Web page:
Personally, I have had many epic fails. Probably the thing that friends and family get the most enjoyment from is my utter lack of a sense of direction. It’s been a running joke that I get lost everywhere I go, but trusting my satnav too much has created some epic fails. 

I did turn right once when the satnav told me too and ended up turning into a corn field because I hadn’t realized until it was too late that the gate to the field was not actually a turning. Unfortunately the ground was very uneven and I was driving a mini, which is not exactly built for cross country driving, so I ended up stuck in this corn field and had to call the AA (a breakdown rescue service in the UK) to come and tow me out of the field again.

And finally, who else should we interview? Tell us what 3 WProfessionals you’d like to see in the next interviews and why.

Rian Rietveld – @RianRietveld

A fantastic Accessibility Expert at Level Level in The Netherlands. She has also worked on the core accessibility team.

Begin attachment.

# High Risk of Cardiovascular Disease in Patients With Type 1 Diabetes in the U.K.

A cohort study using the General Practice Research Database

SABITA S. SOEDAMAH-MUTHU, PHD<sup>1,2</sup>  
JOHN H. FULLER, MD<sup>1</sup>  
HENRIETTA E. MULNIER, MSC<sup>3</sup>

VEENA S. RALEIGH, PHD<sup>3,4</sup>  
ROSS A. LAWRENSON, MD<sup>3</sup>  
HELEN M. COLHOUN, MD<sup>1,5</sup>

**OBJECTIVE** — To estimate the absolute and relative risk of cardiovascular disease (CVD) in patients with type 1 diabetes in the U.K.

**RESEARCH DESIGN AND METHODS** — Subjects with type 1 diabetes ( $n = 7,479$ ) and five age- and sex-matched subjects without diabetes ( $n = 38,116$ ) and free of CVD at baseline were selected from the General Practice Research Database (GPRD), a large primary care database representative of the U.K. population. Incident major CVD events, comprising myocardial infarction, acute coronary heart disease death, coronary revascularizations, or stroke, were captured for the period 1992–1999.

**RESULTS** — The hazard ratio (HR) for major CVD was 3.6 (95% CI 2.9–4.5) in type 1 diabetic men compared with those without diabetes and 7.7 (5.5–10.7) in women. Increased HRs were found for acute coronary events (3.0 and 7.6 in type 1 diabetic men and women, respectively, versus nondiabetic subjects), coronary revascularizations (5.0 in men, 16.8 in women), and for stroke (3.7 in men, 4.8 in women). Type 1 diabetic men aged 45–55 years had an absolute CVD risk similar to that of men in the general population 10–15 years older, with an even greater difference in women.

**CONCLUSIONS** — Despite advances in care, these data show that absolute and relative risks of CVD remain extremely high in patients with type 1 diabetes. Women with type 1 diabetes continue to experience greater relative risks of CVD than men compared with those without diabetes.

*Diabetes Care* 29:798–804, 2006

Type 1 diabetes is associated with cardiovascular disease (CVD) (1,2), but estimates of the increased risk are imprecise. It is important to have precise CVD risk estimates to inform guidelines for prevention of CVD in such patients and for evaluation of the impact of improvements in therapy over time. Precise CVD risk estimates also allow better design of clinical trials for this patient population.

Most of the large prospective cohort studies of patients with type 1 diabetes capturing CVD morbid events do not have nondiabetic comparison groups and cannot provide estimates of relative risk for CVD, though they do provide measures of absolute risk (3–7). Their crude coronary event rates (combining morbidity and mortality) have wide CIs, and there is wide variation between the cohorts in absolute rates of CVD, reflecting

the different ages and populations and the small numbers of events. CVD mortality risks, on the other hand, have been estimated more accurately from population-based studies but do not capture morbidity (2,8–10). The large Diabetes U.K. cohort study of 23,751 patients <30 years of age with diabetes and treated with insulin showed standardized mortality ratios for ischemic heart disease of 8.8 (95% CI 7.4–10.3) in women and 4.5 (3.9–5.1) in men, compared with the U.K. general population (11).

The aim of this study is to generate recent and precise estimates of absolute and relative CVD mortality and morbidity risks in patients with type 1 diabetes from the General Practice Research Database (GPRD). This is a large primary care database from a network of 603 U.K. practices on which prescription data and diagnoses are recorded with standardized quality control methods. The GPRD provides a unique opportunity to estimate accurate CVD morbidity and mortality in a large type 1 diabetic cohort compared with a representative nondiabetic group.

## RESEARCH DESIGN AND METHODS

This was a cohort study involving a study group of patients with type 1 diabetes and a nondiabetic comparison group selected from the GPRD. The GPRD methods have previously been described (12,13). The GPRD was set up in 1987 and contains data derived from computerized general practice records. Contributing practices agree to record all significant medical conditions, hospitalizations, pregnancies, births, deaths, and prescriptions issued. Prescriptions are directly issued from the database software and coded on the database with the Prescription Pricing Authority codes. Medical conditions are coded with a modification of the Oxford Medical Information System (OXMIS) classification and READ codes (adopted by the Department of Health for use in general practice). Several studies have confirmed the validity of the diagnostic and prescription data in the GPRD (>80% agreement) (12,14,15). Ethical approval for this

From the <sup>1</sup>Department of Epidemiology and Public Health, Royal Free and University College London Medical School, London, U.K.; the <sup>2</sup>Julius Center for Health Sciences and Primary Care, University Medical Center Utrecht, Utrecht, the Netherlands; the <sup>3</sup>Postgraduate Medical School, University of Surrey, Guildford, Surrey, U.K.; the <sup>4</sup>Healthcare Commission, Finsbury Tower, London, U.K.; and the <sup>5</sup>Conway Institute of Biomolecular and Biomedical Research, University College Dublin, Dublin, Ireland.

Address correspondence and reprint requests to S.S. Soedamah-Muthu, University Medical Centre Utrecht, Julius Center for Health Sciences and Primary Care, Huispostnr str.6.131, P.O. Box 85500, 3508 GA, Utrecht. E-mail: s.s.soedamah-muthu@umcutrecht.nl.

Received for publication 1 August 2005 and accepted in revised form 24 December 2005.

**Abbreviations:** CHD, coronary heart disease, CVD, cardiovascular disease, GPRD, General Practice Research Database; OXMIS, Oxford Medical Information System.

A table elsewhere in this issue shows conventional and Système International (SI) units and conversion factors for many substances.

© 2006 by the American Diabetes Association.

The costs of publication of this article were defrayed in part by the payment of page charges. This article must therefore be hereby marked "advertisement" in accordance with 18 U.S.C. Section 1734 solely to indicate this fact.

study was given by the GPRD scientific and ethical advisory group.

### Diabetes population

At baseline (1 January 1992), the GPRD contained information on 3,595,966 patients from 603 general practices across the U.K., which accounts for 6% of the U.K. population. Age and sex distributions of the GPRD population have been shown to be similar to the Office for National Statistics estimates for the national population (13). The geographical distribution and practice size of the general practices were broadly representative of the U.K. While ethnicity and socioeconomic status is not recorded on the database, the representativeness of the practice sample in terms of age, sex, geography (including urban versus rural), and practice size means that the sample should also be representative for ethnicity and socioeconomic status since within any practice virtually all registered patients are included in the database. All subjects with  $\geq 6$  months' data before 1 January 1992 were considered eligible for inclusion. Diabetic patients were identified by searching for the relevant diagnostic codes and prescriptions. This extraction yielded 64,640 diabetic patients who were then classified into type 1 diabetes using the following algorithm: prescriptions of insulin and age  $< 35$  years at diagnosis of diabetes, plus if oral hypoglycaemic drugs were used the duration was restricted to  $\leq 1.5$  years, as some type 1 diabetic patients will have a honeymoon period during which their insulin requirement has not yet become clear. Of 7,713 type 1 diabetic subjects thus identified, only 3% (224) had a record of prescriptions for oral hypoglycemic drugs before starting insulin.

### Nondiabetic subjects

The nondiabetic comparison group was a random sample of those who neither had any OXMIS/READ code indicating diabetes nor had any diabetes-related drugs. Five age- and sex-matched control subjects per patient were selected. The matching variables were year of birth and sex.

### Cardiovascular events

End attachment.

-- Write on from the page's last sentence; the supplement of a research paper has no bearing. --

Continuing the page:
Jem Turner – @jemjabella

A freelance PHP/WordPress developer, who blogs and tweets a lot. She also was the person that found the Pipdig security vulnerability –

Steph Walker – @missstephwalker

Co-owner of an agency in Leeds called Deliciuos Media – WordPress Leeds Meetup / WordCamp Manchester Organizer. She does a lot for her local community and is also an active supporter of initiatives like CodeFirstGirls.

I take note of your recommendations Kirsty and hank you very much for your time. I really enjoyed this interview, and I hope our readers did too. See you next month, guys!